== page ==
Moore’s Law, the observation by Intel co-founder Gordon Moore that the number of transistors in a chip will double every two years, turned 50 at the weekend and it is still holding true to this day.
In a paper in 1965 Moore predicted the pace of development of the semiconductor and it has acted as a roadmap and guide for the entire industry in terms of planning and targets as well as R&D researchers making bets on technology.
Moore, who was working as the director of R&D at the time at Fairchild Semiconductor, wrote a paper for the 35th anniversary issue of Electronics magazine, and tried to predict what was going to happen to the electronics industry in the decades ahead.
The brief article, entitled, Cramming more components onto integrated circuits, predicted that by 1975 it would be possible to contain 65,000 components on a quarter inch of semiconductor and that by 1980 this would double every two years.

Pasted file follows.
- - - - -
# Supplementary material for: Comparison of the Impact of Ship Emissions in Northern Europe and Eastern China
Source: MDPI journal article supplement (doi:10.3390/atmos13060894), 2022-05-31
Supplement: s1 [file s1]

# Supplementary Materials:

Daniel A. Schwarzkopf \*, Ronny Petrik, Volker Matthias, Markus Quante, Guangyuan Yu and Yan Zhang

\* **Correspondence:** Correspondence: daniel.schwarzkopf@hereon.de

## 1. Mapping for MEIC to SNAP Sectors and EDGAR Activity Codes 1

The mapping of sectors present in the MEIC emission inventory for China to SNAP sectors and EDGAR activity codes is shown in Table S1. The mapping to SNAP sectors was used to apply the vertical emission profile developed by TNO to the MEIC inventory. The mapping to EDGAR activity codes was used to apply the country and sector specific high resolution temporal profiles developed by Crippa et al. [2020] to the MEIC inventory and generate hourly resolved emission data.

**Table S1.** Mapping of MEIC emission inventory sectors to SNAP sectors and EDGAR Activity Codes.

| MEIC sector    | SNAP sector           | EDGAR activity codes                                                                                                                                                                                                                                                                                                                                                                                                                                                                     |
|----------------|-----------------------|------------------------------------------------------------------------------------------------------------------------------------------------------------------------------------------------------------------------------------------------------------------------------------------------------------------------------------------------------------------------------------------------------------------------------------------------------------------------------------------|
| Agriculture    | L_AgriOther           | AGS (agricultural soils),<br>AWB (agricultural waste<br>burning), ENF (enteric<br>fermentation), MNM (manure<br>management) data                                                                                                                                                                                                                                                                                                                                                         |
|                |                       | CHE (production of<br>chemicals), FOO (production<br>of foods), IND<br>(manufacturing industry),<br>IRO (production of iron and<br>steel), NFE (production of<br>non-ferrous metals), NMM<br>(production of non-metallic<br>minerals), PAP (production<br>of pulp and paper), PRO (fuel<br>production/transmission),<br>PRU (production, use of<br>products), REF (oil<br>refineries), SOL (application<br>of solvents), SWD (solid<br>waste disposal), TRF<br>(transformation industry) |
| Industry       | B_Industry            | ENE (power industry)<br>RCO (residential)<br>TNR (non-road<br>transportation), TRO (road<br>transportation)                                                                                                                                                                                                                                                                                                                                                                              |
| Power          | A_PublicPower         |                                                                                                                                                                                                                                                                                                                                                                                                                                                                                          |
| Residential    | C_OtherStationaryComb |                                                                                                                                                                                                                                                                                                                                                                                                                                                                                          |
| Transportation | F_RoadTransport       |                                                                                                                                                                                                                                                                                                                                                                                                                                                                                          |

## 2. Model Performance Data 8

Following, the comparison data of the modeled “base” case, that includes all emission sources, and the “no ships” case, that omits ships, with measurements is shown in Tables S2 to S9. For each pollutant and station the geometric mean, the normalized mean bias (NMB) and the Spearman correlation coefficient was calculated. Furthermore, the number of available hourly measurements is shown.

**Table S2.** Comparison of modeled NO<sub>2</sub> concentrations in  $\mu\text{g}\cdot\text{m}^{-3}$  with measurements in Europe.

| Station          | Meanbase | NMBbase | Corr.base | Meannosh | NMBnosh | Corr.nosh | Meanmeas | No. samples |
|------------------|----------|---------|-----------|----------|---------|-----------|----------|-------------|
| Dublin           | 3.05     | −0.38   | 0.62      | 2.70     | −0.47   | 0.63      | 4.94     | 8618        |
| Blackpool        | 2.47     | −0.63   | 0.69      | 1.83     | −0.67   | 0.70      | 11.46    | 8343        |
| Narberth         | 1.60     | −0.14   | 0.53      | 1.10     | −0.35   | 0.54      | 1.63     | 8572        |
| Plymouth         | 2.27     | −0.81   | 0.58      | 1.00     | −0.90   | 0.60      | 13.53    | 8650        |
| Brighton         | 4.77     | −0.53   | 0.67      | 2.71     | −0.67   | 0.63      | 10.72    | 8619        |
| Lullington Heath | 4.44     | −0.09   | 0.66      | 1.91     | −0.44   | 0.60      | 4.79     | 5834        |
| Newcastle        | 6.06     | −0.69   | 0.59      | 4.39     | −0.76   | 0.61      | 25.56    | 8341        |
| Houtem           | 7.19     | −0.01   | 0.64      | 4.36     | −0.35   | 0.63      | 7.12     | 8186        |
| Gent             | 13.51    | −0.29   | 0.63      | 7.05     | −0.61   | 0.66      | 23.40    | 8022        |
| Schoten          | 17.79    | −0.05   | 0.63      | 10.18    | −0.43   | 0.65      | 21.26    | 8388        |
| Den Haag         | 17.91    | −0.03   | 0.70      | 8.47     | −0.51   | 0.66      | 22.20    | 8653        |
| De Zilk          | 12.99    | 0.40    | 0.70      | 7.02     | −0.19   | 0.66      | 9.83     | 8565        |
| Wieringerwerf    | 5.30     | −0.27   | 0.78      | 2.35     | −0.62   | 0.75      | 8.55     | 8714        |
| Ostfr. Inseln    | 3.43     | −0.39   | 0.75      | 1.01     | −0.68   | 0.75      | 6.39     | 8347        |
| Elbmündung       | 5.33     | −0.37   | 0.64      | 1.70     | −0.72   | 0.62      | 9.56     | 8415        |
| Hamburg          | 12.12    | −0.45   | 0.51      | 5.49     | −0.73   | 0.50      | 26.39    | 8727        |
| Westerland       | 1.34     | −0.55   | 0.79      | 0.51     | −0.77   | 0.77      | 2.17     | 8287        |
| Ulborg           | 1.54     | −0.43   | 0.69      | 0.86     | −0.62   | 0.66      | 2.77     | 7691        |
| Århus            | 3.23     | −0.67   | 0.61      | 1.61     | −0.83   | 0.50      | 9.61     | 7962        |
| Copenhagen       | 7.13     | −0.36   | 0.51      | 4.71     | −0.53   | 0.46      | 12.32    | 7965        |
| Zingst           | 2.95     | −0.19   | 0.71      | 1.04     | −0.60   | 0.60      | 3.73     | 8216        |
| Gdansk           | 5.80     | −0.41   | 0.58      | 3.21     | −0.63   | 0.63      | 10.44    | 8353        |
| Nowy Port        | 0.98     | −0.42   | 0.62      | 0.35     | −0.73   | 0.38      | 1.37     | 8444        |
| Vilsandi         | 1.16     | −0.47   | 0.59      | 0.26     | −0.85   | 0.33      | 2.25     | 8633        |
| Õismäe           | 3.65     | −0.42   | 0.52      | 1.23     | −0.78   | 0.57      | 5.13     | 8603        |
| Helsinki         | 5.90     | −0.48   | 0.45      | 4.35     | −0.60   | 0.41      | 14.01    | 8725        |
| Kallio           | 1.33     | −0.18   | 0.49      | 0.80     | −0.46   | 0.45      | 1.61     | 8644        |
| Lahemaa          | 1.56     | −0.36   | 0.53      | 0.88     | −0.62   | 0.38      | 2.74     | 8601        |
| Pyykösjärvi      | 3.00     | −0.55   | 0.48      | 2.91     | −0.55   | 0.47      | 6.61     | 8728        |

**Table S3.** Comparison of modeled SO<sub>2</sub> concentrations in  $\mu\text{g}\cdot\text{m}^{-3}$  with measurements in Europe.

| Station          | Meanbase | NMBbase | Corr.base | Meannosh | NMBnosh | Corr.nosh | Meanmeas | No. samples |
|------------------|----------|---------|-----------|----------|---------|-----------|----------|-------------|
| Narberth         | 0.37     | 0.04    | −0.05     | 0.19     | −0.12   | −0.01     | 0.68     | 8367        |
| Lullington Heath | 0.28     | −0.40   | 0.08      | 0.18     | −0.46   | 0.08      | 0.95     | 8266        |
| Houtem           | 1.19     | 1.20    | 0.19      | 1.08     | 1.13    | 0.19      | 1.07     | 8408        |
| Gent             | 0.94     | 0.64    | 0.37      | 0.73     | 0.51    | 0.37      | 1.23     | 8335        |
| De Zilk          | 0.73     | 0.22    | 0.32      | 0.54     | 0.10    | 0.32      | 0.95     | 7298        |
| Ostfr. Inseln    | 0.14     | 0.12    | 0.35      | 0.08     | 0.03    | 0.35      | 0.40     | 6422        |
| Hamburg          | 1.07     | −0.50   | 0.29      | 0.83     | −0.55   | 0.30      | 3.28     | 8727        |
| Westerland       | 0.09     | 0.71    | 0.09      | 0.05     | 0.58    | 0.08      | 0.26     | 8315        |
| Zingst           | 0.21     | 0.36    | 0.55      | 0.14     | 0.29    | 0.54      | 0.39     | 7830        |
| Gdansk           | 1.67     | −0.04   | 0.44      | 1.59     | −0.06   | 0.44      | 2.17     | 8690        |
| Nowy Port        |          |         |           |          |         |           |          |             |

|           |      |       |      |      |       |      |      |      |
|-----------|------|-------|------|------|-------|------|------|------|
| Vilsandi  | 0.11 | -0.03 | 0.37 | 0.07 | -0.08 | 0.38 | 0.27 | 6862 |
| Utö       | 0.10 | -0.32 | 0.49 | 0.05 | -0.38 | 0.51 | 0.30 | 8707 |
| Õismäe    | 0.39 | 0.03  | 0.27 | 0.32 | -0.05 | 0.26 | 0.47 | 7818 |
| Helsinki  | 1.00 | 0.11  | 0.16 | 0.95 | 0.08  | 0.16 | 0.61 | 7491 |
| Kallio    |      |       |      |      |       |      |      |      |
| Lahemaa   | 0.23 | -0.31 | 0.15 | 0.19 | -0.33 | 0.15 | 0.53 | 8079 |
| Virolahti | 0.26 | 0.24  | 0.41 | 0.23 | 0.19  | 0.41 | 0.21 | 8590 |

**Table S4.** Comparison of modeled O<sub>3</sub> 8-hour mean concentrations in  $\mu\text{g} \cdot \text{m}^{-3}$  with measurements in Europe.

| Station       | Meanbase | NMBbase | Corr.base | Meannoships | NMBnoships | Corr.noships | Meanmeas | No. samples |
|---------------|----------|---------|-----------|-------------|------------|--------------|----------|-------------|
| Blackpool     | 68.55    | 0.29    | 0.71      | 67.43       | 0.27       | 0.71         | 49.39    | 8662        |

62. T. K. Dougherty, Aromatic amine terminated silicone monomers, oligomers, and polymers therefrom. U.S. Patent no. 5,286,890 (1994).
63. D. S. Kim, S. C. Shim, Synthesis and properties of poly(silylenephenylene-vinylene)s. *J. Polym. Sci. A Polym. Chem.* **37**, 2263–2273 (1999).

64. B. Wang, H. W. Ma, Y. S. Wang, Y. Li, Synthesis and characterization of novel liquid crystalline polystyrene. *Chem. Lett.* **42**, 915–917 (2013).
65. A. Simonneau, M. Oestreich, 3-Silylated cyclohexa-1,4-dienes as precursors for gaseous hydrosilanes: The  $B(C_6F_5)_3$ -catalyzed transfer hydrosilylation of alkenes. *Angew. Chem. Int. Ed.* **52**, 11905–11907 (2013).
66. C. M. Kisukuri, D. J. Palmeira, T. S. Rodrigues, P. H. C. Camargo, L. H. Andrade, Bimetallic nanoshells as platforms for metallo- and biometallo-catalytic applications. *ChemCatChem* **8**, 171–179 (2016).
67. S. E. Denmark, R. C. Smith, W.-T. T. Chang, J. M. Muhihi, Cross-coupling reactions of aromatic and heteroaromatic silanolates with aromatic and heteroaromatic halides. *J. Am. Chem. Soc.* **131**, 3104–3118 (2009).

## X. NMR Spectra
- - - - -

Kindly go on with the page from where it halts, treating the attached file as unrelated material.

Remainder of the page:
Today there are more than 2.3bn transistors on chips.
In 2005, Intel offered US$10,000 to purchase a copy of the original Electronics issue and a copy was discovered in the possession of an engineer living in the UK.
Two infographics have emerged that capture the impact of Moore’s Law and the advances that have been made possible through the evolution of chip design and chip materials.
The first, Moore's Law: Patterns of Progress, captures the momentum of Moore’s Law in terms of CPU milestones, from when the 8008 chip contained 3,500 transistors in 1972 to today’s Haswell processor from Intel, which contains 1.4bn transistors.
The second, A Supercomputer in Your Pocket, focuses on the endless claims by pundits that Moore’s law is going to peter out. It hasn’t yet.
Moore's Law: Patterns of Progress
A Supercomputer in Your Pocket